The original article:

Monday, April 03, 2017

Ancient historians

Scholars of ancient intellectual history (and those of later times as well) sometimes think in terms of antithetical pairs, such as Plato vs. Aristotle (as seen in Raphael's famous fresco in the Vatican), as well as Homer vs. Vergil and Heracltus vs Parmenides. Among historians, the contrast is between Herodotus, ostensibly merely the retailer of fables and old wives' tales, and Thucydides, the relentless detector of the difference between truth and fiction. I have come to wonder about the validity of this contrast in my endeavor to detect and expose the noxious fabrications that have long circulated regarding same-sex behavior.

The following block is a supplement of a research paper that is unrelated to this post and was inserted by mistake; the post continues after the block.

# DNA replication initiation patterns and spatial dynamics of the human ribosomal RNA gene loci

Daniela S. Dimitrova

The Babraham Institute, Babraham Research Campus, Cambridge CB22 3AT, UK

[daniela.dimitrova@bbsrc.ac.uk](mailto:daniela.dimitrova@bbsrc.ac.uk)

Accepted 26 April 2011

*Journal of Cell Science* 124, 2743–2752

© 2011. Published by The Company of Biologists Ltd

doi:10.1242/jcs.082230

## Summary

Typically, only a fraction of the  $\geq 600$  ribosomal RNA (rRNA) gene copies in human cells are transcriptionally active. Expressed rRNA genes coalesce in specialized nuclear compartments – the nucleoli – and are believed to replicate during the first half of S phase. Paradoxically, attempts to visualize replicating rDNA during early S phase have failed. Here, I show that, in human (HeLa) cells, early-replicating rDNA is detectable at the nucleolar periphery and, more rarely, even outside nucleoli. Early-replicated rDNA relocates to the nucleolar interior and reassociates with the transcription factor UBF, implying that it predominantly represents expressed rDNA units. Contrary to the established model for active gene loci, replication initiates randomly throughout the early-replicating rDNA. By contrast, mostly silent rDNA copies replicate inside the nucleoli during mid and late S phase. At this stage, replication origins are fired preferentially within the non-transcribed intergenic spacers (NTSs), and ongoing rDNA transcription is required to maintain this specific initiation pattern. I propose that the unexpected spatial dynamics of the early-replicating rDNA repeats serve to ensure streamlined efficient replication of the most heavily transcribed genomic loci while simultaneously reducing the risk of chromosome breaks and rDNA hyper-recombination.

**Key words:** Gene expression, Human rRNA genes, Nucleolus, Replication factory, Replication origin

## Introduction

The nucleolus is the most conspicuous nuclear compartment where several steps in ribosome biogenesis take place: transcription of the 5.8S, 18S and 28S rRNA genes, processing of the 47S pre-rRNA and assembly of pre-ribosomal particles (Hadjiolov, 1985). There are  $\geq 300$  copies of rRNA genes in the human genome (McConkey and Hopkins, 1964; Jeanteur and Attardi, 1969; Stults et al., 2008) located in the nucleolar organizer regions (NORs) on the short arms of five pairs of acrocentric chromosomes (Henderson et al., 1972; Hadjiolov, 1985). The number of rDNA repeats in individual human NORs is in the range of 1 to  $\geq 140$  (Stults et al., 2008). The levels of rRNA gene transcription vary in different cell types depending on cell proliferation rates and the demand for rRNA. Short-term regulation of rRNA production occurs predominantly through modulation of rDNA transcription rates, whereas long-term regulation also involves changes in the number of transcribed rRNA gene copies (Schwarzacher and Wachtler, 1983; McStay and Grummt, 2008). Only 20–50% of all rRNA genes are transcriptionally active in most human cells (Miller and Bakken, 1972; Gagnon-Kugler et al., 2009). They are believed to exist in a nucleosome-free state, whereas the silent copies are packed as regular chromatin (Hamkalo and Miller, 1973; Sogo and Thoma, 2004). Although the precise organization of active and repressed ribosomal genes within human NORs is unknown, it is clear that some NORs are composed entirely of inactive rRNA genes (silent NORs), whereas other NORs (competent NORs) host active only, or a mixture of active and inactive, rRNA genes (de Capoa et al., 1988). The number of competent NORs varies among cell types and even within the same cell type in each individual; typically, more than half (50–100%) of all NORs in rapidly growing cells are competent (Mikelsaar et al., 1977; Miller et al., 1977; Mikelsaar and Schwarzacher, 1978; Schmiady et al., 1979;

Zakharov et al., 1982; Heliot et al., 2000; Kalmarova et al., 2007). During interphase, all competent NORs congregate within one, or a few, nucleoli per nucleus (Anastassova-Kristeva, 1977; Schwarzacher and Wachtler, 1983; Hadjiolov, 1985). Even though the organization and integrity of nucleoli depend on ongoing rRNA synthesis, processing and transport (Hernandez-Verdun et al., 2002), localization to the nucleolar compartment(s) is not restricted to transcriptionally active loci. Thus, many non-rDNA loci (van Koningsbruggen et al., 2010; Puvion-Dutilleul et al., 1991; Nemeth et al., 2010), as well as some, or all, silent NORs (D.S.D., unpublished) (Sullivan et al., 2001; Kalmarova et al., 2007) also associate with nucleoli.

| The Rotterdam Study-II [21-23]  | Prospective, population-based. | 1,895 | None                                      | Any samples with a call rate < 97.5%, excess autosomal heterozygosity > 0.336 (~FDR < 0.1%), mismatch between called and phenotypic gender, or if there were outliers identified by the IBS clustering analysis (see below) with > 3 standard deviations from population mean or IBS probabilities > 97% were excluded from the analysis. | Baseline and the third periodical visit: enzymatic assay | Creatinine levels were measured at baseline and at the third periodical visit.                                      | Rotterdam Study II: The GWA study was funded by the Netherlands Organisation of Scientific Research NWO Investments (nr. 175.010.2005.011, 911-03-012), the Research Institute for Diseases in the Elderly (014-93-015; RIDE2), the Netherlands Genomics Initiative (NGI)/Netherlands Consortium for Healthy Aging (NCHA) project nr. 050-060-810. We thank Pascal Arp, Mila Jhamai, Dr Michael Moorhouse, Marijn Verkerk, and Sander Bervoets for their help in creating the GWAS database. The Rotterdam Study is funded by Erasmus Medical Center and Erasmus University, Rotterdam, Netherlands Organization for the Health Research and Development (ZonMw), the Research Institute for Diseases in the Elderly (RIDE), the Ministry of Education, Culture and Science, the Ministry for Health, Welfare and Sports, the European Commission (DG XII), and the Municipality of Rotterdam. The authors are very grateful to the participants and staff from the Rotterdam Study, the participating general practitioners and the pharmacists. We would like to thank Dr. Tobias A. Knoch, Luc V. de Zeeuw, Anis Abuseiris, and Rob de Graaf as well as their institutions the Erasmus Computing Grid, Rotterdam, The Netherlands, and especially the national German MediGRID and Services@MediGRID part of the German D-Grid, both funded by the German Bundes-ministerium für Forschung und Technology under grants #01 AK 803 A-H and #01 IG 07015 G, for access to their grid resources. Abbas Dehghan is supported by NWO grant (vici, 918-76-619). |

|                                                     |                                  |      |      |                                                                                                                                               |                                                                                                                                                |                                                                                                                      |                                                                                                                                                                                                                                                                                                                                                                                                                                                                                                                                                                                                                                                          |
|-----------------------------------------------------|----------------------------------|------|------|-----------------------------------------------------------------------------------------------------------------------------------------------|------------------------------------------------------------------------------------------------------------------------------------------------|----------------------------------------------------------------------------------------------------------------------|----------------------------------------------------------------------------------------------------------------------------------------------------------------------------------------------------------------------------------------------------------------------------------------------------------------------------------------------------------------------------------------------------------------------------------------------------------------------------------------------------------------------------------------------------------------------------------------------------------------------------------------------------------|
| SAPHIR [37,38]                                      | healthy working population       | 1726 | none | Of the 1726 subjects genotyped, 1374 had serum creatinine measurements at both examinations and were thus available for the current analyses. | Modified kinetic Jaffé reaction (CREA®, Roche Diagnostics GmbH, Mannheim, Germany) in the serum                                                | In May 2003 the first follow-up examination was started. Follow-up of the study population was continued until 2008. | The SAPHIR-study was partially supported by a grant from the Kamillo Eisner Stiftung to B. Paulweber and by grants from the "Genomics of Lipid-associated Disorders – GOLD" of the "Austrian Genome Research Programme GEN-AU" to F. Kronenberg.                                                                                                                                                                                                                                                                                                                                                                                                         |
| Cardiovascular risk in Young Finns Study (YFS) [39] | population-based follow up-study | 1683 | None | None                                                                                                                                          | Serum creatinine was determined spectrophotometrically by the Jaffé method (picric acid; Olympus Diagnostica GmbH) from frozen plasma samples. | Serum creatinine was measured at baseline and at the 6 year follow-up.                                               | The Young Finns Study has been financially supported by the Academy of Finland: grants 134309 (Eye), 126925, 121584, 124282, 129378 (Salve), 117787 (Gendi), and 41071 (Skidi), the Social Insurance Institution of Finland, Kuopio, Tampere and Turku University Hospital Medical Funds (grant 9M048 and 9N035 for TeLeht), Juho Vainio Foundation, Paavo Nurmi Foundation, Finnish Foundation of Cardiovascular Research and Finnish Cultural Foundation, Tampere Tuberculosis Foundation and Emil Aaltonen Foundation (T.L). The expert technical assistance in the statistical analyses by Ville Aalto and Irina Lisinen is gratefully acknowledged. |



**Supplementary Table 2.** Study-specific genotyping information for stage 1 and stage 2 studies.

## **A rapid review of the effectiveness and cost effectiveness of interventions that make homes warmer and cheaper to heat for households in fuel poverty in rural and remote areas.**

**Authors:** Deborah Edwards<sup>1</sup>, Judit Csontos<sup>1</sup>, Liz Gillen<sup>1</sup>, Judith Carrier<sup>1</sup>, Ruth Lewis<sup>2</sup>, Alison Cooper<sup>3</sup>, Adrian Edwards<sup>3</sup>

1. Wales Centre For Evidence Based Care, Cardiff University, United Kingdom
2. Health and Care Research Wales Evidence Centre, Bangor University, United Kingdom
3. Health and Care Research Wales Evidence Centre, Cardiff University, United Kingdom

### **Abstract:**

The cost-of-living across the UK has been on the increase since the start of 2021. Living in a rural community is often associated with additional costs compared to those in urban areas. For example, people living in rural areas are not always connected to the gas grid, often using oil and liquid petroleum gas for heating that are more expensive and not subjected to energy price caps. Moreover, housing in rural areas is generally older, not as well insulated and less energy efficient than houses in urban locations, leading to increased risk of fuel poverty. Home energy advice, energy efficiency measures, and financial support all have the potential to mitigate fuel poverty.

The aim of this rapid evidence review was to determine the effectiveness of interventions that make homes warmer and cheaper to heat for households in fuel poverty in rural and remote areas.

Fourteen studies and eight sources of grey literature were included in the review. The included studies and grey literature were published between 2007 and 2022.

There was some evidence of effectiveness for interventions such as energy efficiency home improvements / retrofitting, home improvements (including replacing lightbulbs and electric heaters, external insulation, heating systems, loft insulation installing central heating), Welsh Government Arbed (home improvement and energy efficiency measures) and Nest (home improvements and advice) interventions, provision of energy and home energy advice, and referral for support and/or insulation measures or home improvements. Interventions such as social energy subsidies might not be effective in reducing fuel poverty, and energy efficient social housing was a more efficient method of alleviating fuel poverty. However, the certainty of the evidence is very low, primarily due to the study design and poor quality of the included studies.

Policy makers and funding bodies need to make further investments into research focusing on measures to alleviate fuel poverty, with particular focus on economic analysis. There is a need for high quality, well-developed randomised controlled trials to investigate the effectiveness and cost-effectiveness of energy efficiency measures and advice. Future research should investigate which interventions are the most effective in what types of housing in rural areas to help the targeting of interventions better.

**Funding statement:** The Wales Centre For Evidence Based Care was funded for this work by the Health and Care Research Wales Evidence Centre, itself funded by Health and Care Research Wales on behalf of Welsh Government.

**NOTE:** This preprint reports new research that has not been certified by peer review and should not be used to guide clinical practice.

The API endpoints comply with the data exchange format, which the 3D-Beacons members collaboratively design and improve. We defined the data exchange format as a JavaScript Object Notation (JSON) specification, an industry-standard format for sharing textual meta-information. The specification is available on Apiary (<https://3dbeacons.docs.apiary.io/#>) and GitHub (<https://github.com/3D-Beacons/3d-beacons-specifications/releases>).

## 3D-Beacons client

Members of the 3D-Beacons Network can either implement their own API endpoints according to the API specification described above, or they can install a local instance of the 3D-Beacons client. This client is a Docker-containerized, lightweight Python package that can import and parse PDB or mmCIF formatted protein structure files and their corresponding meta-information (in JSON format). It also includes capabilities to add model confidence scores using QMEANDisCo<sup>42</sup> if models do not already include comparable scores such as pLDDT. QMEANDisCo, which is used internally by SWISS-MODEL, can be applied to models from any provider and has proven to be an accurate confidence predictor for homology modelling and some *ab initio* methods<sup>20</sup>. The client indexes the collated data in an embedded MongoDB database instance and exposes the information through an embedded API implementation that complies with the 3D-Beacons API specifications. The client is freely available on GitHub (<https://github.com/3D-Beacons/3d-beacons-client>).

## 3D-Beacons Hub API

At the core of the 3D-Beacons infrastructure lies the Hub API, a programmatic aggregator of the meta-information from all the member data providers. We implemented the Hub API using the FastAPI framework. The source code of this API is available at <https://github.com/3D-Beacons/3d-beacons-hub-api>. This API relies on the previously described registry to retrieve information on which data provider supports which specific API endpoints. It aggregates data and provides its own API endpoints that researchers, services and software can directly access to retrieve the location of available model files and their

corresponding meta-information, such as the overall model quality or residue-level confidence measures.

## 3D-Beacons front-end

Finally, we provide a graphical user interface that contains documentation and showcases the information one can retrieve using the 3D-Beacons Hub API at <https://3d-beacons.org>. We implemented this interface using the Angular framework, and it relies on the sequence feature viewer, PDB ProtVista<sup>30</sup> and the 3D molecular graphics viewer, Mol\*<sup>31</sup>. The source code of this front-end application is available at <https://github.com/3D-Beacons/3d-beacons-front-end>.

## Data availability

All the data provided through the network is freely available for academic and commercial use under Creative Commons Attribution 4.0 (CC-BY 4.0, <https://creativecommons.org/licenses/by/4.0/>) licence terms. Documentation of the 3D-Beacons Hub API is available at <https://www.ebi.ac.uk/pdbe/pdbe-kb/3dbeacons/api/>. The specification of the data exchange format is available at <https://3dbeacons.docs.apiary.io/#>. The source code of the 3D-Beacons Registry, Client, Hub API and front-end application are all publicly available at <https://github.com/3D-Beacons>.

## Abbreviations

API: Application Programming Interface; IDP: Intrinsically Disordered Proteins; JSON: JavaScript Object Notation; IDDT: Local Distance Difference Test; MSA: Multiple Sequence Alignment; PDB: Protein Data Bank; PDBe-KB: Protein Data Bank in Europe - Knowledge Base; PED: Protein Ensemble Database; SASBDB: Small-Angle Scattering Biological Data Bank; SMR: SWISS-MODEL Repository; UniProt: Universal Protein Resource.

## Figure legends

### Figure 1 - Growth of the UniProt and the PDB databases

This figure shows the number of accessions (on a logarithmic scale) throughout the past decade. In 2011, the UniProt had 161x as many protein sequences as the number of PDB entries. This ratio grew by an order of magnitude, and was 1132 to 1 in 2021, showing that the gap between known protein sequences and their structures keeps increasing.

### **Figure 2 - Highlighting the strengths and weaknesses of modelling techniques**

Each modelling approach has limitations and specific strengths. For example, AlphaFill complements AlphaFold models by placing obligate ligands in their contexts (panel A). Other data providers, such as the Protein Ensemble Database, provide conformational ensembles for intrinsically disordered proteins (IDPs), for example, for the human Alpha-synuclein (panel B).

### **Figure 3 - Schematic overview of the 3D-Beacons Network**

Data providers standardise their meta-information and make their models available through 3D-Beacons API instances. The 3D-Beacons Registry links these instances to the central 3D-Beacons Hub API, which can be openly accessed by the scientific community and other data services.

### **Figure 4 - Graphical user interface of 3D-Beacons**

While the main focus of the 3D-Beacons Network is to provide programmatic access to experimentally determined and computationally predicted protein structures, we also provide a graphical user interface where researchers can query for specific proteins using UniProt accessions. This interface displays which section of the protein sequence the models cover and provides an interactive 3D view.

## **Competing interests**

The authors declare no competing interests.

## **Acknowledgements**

Nineteenth-century German historians like Creuzer and Droysen beatified Thucydides as the patron of their "scientific" approach.  This claim seems anachronistic since T.  did not have access to the equivalent of the troves of archival documents mined by his Germanic admirers.

Exceptionally, Hegel placed T. in the lowest rank of historians.  Writing about contemporary happenings,ghe Greek writer did not have the opportunity to see things in the perspective that distance affords.

Tuesday, March 07, 2017

The Stefan George Circle

Recent discussions of the concept of the Deep State have evoked curiosity about forerunners. One such precursor, or so its would seem, was the Stefan George Circle, an elite secret society that formed around the German poet. Their aim was a conservative reshaping of the country based on the concept of Geheimes Deutschland or Secret Germany. It has been regarded as either a forerunner of Nazism or a conservative bulwark against it. (George himself resettled in Switzerland so as to avoid any contact with Hitler's emergent regime.).